‘April rulings bring May muddling’ might be a better way to tweet recent social media decisions at the National Labor Relations Board (NLRB) given the Board’s ruling in Durham School Services (April 25, 2014) and an Administrative Law Judge’s (ALJ) opinion in Kroger Co. of Michigan (April 21, 2014). Together, these two decisions show that the NLRB remains focused on social media policies and their implications for employee section 7 rights under the National Labor Relations Act (Act).
Kroger Co.: ALJ Flaunts NLRB General Counsel Guidance Memorandum
In Kroger Co., an ALJ found portions of a handbook disseminated to employees to violate employees’ section 7 rights because they reasonably tended to chill employees in the exercise of their Section 7 rights. Specifically, the ALJ found that:
- Requiring a disclaimer whenever the employee spoke on “work-related” issues online even in their personal capacity “unduly burden[s]” legitimate section 7 communications and was broader than employer’s interest in not having employee’s speech be confused with employer-sanctioned speech.
- This was directly contrary to a GC Memorandum OM 12-59 (May 30, 2012), which concluded that the requirement that “employees must expressly state their postings are ‘my own and do not represent [Employer’s positions, strategies or opinions’ is not unlawful.” The ALJ stated that the GC Memorandum was “without precedential value” and it was “not persuasive to the extent such a disclaimer would apply to every online communication by an employee which concerns ‘work-related’ information and as to which the employee is identifiable as an employee for the Employer.”
- Prohibiting employee’s use of employer’s intellectual property (IP) without employer’s permission was an overbroad restriction.
- The Employer unsuccessfully relied on McKesson Corp., Case 0-066504, NLRB Advice Memo, Mar. 1, 2012, where the General Counsel approved language requiring employees to “Respect all copyright and other intellectual property laws,” including the company’s own copyrights, trademarks, and brands. The ALJ viewed the McKesson Advice Memo as persuasive, even if not binding, but not germane to the rule at issue. The ALJ found that whereas the policy in McKesson was driven by compliance with IP lawgenerally, the Kroger policy was focused only on “not using Kroger’s logos, banners, etc., under any unapproved circumstances, many of which would not violate intellectual property law.”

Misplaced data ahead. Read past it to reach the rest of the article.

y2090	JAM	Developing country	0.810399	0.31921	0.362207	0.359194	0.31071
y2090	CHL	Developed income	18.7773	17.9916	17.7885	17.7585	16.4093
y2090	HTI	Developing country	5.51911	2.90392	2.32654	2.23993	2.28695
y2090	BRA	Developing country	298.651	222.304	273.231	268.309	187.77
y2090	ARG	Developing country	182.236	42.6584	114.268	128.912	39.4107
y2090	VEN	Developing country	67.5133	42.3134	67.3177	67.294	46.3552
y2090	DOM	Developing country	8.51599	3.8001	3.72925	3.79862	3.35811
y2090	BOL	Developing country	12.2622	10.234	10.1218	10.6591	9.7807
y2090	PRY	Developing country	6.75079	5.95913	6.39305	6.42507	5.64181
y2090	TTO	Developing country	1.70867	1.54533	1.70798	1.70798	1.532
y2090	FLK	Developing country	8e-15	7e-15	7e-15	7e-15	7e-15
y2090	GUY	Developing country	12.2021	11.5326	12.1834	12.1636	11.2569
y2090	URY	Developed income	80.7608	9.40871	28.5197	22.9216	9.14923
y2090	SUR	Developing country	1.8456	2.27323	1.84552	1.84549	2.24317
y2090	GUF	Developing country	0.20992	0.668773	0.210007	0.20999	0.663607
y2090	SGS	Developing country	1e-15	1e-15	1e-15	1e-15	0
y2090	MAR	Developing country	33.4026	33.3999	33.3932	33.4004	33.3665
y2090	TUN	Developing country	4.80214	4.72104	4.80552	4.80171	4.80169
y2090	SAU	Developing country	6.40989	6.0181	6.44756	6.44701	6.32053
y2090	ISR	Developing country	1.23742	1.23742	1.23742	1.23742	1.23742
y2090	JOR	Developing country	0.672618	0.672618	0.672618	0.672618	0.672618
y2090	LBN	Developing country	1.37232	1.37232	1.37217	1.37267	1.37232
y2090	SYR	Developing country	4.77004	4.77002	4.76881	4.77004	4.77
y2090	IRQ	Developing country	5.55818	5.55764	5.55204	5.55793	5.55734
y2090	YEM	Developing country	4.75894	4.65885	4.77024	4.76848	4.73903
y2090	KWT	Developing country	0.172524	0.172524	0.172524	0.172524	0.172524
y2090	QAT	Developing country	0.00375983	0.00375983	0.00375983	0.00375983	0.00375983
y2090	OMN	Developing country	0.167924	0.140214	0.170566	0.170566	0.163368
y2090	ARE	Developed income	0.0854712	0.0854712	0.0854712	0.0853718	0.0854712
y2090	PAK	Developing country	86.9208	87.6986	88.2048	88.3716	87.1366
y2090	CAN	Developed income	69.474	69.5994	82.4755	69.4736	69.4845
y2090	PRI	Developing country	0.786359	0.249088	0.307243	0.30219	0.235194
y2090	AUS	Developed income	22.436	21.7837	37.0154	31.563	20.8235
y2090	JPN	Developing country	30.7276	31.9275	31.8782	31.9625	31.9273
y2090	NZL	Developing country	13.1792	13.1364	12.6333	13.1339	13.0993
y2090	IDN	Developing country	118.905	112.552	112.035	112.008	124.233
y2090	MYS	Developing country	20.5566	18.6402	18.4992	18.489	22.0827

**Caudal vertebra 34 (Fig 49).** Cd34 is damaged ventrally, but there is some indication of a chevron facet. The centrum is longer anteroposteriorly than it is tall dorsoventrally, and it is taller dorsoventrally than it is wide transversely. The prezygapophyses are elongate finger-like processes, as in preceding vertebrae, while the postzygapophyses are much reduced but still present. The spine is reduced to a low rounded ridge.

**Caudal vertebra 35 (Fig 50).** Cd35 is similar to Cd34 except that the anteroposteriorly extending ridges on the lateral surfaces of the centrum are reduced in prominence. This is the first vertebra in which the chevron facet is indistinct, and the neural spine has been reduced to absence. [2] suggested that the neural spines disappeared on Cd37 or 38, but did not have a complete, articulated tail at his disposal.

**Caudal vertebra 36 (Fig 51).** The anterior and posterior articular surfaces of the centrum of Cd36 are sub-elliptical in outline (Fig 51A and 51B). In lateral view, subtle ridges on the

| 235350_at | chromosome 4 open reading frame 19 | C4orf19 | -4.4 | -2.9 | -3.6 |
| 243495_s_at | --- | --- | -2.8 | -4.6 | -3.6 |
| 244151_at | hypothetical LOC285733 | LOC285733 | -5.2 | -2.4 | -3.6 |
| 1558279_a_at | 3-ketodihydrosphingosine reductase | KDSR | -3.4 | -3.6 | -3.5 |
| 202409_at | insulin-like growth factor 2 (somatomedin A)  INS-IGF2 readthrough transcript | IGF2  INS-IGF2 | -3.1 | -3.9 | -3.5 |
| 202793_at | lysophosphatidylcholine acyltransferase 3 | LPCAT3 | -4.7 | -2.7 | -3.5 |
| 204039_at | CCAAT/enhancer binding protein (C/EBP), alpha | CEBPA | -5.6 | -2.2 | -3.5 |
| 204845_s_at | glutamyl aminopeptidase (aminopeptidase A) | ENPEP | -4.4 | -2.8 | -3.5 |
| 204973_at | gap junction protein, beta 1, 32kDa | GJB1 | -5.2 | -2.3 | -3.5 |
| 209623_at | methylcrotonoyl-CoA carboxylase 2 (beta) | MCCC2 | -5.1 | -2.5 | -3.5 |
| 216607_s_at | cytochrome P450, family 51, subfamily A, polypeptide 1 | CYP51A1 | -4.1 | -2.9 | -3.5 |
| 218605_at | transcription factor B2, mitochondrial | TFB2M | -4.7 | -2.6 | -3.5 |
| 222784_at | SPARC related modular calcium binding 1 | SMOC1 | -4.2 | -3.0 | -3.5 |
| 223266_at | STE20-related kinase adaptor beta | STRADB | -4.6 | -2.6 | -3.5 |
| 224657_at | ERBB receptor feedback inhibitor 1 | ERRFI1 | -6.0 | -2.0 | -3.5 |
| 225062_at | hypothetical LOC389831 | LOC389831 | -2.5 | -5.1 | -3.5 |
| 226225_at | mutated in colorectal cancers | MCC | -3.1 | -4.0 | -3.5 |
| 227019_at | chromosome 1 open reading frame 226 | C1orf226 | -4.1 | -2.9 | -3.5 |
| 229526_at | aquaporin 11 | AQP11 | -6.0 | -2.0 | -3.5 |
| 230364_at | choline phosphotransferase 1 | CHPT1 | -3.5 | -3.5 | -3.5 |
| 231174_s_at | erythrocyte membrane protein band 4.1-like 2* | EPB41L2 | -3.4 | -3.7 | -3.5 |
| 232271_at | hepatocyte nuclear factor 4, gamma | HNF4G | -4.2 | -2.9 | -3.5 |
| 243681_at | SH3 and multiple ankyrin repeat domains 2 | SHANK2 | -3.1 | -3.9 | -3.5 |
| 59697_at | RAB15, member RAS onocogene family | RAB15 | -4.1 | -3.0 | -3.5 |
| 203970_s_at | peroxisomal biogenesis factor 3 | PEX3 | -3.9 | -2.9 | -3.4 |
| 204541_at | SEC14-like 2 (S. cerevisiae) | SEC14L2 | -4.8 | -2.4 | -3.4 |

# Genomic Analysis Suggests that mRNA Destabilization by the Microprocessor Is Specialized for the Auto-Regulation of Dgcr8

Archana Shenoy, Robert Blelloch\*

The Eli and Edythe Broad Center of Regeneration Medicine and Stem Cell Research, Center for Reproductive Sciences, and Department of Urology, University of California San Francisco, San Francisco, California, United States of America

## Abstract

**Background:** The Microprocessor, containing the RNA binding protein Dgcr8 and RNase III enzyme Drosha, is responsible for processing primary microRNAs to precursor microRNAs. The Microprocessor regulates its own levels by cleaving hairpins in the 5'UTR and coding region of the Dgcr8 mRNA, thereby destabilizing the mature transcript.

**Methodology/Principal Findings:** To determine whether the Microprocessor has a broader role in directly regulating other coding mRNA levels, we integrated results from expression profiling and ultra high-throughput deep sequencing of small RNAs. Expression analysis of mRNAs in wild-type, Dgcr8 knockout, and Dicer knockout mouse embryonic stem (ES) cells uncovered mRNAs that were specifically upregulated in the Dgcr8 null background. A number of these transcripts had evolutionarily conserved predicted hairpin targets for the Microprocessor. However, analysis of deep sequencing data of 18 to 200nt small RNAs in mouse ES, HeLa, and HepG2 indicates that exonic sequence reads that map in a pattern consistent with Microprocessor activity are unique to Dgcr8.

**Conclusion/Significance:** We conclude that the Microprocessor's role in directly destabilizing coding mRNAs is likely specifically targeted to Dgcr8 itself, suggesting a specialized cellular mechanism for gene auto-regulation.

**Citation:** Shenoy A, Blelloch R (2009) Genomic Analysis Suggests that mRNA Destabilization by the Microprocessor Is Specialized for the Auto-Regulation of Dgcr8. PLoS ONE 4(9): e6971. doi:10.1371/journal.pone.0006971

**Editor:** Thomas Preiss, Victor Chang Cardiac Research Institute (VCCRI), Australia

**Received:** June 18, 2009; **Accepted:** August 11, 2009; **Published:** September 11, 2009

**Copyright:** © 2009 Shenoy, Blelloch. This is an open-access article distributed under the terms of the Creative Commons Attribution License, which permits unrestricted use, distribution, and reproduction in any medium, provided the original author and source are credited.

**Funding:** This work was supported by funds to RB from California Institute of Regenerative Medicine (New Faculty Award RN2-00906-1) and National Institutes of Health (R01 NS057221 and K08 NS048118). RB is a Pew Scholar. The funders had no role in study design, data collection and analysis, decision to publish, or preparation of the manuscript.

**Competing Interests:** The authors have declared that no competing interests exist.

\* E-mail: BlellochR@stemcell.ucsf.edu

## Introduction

- Restriction on employee speech concerning rumors, speculation and either personnel matters and/or the Employer’s business plans are prohibited under the Act.
- The ALJ found that this restriction on speech was overly broad because it would be reasonably understood by employees to cover a range of issues on which employees have a right to speak, including transfers of employees, potential shutdowns, closures, layoffs, transfer of work, wages and other terms and conditions of employment with nonemployees (e.g. union representatives). The ALJ stated that his opinion was consistent with Hyundai American Shipping Agency, Inc., 357 NLRB No. 80 (2011), where a rule prohibiting “harmful gossip” about managers was upheld, because here “rumors and speculation” was problematically tied to “business plans” and, furthermore, that false speech alone cannot be prohibited under the Act. The ALJ read terms such as “personnel matters” and “business plans,” which were “not defined, limited, clarified, or even mentioned” in the other parts of the provision, to reasonably be construed as examples of confidential information, which would be a violation of the Act as the overbroad policy would deter employees from communicating about personnel issues or business plans that affected their rights under the Act.